Bamboo art and time
Fast growing, enduring, and pliable when treated bamboo is the preferred food of pandas who live on its shoots, part of the daily life of East Asia for two millennia (the Chinese and Japanese characters for bamboo are incorporated in a thousand others including flute, writing brush, box and basket) and the malleable material of patient and dedicated artists in a five hundred year tradition in Japan that is still going strong, combining the abstract qualities of fine art and the hands on satisfaction of usefully transforming Nature, as well as symbolizing longevity, strength and hardiness, and this revelatory show is an outstanding selection of what has resulted over the last two centuries, from flower vases and boxes and shapes in the form of a cicada and other representations of nature to splendidly woven bowls and wave forms and even a huge spiralling wave rising over the entrance to the exhibition ordered from a current master (Tanabe Chikuunsai IV), all of it imbued with the timeless quality of extended and careful attention and construction taking as long as a year or more, starting with the initial personal choice of wood from the north, middle or south of Japan, which runs accordingly from hard to soft, and including here seventy one choice works promised the Met by Diane and Arthur Abbey, collectors who became fascinated by bamboo art in 1999, and will now transform the Met’s holdings of this art form which started with Edward Moore designer at Tiffany who in 1891 gave the museum nearly eighty bamboo baskets as well as other Japanese craft work, and the unfolding of these exquisite forms in the spacious low lit Sackler Wing galleries under the kindly gaze of tall Buddhist statues is informed by a very well illustrated magazine format monograph by curator Monika Bincsik which celebrates the emergence of this art form to world attention in the last forty years.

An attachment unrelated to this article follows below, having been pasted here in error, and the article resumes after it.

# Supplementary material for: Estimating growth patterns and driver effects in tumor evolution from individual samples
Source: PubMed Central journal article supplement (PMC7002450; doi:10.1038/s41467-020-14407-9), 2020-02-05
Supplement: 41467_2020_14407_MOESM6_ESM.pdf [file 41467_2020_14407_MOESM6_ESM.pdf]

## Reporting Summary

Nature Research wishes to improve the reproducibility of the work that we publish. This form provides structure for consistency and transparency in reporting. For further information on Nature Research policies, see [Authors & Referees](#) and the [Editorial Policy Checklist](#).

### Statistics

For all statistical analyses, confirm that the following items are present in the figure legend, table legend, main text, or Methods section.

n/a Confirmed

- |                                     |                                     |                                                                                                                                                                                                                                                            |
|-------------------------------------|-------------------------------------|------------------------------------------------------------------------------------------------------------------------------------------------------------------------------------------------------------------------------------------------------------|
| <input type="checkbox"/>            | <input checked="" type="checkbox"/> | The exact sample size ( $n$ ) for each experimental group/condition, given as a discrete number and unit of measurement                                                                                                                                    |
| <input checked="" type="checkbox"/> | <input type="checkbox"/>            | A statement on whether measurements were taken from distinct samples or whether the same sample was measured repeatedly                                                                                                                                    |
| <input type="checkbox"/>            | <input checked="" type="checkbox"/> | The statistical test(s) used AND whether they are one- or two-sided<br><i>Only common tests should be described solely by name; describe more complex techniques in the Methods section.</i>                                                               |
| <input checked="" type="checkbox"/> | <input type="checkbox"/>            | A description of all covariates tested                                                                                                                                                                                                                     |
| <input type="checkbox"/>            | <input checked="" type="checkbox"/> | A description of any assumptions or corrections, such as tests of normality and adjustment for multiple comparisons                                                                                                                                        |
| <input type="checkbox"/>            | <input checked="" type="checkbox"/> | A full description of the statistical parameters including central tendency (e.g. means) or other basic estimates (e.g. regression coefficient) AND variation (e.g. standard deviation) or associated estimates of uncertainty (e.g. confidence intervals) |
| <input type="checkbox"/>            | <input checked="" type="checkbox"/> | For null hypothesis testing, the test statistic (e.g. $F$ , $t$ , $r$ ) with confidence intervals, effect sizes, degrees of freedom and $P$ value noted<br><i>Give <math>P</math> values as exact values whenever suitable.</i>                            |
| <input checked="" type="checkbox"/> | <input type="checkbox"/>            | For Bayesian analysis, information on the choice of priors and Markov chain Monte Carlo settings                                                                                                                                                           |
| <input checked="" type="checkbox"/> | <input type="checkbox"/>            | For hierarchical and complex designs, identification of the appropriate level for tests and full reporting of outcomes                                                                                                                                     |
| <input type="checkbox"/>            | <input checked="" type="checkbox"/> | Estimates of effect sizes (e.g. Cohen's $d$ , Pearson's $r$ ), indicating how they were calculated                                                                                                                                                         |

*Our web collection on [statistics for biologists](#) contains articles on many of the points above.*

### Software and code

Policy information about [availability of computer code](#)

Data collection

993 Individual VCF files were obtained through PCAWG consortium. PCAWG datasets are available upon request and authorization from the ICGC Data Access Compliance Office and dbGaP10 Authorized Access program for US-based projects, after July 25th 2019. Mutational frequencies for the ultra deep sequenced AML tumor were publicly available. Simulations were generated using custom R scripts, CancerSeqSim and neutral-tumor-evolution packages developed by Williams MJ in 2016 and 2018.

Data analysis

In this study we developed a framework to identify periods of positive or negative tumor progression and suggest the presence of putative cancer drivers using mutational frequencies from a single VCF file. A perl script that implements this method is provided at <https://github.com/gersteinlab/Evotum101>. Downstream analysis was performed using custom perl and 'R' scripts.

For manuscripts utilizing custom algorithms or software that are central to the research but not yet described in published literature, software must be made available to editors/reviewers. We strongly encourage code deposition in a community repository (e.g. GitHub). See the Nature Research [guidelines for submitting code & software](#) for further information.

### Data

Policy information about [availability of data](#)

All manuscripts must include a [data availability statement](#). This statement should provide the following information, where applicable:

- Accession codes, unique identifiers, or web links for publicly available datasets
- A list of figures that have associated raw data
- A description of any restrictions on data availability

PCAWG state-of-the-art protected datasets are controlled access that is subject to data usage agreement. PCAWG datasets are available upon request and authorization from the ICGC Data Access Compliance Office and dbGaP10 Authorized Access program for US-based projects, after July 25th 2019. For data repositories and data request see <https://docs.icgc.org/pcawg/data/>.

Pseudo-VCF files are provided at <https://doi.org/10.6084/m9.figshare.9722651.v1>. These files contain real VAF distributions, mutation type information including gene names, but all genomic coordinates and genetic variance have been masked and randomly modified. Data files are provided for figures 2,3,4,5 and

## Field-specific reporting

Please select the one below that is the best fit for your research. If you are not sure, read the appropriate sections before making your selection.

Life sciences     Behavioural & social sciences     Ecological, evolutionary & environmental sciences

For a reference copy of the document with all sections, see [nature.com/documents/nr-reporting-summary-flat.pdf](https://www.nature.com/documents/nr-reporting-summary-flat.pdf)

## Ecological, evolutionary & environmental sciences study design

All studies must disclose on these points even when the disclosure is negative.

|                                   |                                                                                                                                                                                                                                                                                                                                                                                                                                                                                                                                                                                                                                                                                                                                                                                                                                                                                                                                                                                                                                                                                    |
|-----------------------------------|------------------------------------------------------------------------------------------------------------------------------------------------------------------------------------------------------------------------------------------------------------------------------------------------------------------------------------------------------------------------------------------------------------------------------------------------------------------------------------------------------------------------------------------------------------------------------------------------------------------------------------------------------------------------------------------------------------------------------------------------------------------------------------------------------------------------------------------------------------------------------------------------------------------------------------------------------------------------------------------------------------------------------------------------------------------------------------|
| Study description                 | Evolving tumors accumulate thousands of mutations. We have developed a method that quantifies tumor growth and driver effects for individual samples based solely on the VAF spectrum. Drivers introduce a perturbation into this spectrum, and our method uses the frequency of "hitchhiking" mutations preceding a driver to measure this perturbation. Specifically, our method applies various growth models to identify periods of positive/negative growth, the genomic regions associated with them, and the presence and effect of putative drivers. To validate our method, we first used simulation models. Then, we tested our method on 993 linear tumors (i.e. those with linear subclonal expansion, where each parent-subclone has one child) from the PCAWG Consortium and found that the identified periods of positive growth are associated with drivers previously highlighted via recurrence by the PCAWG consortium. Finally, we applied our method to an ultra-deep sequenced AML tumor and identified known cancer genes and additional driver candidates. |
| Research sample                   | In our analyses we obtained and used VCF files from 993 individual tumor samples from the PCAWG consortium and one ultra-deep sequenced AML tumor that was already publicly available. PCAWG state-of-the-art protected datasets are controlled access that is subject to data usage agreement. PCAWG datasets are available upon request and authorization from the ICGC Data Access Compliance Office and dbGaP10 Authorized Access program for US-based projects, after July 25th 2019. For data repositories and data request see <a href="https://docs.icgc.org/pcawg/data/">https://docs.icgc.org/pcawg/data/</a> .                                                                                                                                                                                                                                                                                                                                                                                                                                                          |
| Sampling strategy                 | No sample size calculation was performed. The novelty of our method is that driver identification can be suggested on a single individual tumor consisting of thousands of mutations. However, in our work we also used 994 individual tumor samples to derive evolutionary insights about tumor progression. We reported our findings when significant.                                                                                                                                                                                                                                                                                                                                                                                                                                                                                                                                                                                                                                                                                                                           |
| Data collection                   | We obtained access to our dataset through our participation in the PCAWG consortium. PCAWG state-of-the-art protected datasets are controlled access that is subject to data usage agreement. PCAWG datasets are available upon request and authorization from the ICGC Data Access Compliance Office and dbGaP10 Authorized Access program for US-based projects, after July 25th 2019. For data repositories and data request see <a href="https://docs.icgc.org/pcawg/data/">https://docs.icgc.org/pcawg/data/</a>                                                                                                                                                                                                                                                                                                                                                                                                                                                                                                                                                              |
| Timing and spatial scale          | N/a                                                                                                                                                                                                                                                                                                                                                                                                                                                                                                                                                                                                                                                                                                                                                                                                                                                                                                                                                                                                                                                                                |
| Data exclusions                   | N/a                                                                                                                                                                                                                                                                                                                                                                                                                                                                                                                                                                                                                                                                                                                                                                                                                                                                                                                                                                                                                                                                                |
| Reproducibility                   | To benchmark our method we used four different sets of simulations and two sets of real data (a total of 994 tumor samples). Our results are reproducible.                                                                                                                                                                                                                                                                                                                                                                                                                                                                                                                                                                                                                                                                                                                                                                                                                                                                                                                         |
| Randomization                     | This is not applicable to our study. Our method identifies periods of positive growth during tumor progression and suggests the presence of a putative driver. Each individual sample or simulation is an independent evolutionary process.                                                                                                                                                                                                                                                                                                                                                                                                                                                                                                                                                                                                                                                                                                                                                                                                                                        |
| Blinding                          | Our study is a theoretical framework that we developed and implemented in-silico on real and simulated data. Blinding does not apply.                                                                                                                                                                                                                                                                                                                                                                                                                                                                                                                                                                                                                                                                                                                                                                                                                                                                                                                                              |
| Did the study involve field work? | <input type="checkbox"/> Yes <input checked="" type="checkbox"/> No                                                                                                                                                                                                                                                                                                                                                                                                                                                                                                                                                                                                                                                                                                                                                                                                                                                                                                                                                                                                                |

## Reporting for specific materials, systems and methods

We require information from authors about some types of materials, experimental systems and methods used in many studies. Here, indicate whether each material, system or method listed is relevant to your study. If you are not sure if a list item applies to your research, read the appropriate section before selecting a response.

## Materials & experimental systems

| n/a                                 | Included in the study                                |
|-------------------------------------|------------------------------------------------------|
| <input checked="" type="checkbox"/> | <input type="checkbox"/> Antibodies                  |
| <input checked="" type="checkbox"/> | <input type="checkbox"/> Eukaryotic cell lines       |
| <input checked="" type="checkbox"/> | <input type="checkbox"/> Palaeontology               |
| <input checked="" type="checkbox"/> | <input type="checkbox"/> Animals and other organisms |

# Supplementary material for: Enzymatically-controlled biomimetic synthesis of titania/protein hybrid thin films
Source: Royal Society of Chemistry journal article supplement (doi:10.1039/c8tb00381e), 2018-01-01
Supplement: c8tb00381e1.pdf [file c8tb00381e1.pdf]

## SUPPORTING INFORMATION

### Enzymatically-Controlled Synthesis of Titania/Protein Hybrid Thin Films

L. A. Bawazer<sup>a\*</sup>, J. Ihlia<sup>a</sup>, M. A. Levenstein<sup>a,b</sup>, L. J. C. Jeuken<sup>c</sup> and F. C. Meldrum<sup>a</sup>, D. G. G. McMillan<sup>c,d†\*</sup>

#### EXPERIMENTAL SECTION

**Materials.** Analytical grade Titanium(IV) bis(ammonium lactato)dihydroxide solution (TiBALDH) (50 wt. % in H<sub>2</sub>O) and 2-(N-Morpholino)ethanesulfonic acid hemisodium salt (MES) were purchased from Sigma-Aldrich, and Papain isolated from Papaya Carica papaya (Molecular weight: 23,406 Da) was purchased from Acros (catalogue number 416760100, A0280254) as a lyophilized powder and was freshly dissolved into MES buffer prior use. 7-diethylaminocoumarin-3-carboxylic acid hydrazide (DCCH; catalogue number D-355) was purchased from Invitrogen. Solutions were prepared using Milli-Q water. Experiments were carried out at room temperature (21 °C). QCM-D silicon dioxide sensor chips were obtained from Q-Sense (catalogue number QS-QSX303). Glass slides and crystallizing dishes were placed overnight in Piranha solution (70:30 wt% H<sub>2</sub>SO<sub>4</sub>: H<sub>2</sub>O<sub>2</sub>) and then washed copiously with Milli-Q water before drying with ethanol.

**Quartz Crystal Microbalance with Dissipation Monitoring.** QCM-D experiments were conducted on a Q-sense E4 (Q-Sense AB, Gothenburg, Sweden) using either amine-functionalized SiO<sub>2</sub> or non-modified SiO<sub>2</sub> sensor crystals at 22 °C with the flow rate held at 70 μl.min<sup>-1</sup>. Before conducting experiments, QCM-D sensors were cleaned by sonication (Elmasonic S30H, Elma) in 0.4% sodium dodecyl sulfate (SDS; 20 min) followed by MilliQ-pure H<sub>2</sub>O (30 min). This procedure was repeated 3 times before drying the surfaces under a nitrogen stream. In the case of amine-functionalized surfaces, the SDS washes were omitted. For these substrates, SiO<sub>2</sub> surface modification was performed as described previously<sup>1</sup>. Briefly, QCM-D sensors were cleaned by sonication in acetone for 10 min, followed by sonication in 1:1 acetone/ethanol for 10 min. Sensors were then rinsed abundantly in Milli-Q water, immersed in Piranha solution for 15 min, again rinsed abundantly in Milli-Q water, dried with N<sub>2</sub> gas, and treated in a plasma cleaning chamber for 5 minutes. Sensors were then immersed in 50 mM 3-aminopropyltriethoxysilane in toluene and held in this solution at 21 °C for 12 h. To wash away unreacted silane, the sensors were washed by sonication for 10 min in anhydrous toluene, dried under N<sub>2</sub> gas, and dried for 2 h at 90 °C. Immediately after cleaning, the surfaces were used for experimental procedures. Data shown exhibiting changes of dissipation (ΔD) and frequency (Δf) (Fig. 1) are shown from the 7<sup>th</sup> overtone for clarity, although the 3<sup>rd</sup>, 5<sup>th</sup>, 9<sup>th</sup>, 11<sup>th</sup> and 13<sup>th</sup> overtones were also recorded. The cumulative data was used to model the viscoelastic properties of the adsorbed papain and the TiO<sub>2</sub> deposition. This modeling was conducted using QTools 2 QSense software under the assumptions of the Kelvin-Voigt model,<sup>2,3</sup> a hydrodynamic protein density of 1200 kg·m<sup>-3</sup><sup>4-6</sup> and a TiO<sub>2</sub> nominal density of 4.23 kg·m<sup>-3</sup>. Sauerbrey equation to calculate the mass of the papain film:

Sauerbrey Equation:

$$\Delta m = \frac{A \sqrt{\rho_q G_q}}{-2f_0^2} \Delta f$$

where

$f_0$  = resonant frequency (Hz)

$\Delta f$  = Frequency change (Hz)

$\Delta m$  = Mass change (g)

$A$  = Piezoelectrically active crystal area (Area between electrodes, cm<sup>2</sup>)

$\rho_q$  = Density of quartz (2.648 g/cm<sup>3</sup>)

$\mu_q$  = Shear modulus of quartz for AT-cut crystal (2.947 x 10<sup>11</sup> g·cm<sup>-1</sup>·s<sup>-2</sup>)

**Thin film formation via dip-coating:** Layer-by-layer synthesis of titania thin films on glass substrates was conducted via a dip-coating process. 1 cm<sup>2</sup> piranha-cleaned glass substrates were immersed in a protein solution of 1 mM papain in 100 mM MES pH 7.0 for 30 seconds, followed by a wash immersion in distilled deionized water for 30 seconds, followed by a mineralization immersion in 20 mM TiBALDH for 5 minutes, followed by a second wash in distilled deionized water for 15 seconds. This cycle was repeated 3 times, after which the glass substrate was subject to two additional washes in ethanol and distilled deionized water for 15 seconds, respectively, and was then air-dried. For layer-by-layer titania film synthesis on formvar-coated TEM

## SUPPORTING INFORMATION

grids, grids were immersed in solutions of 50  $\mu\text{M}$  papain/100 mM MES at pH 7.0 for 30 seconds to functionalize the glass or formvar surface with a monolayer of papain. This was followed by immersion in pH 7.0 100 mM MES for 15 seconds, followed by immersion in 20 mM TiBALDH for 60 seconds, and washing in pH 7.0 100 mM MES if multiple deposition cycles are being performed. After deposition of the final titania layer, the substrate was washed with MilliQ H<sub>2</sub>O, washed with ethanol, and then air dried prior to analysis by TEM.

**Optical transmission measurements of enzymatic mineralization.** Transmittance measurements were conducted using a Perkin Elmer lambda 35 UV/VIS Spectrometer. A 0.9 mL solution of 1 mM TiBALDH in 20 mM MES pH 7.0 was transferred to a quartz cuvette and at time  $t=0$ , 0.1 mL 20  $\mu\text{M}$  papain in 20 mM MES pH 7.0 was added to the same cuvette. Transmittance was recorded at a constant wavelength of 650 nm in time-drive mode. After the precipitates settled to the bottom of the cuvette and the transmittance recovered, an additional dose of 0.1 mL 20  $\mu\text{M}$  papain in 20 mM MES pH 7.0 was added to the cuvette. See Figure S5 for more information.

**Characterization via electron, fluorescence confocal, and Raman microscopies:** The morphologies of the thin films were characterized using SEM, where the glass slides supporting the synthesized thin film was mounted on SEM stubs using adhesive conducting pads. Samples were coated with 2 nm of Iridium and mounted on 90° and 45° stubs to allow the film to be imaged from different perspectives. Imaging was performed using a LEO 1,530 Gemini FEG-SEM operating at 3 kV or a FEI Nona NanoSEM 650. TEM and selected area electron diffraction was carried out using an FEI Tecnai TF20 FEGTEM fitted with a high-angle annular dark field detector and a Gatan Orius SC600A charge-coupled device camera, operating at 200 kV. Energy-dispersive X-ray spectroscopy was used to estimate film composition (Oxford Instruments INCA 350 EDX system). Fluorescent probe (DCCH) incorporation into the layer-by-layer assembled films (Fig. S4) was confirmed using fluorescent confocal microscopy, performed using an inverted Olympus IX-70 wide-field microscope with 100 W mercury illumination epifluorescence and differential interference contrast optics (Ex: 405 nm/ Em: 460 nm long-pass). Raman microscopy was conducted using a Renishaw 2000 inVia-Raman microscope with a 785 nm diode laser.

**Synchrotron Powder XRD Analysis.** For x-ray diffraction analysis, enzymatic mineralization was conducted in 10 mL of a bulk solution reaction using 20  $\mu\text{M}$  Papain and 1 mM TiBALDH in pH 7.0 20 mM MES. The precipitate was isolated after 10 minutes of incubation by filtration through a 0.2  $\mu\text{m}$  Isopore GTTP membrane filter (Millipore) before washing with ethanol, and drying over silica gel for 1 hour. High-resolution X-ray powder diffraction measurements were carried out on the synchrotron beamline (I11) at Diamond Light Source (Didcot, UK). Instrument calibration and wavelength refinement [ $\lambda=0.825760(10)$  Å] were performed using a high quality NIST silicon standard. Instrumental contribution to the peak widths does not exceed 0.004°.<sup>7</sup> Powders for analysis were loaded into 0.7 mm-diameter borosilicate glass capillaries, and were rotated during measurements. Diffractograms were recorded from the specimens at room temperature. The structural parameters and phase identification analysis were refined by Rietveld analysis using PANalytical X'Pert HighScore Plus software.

The exhibition is made possible by Diane and Arthur Abbey.
For hundreds of years, simple, everyday utensils as well as refined bamboo vessels were made according to local traditions and techniques passed down from generation to generation. It was not until the end of the 19th century that bamboo craftsmanship began to be recognized as one of the traditional Japanese decorative arts, and later as an art form.
Organized broadly by three geographical production areas—Kansai, Kanto, and Kyushu—the exhibition will feature masterworks by pioneer bamboo artists of the Meiji (1868–1912) and Taisho (1912–1926) periods as well as later masters such as Iizuka Rokansai, who created innovative works that became the foundation for contemporary bamboo art. The show will also feature pieces by modern bamboo artists. The works will be augmented by a selection of paintings and decorative arts exploring related themes, such as the four seasons, floral compositions (ikebana), and the tea ceremony.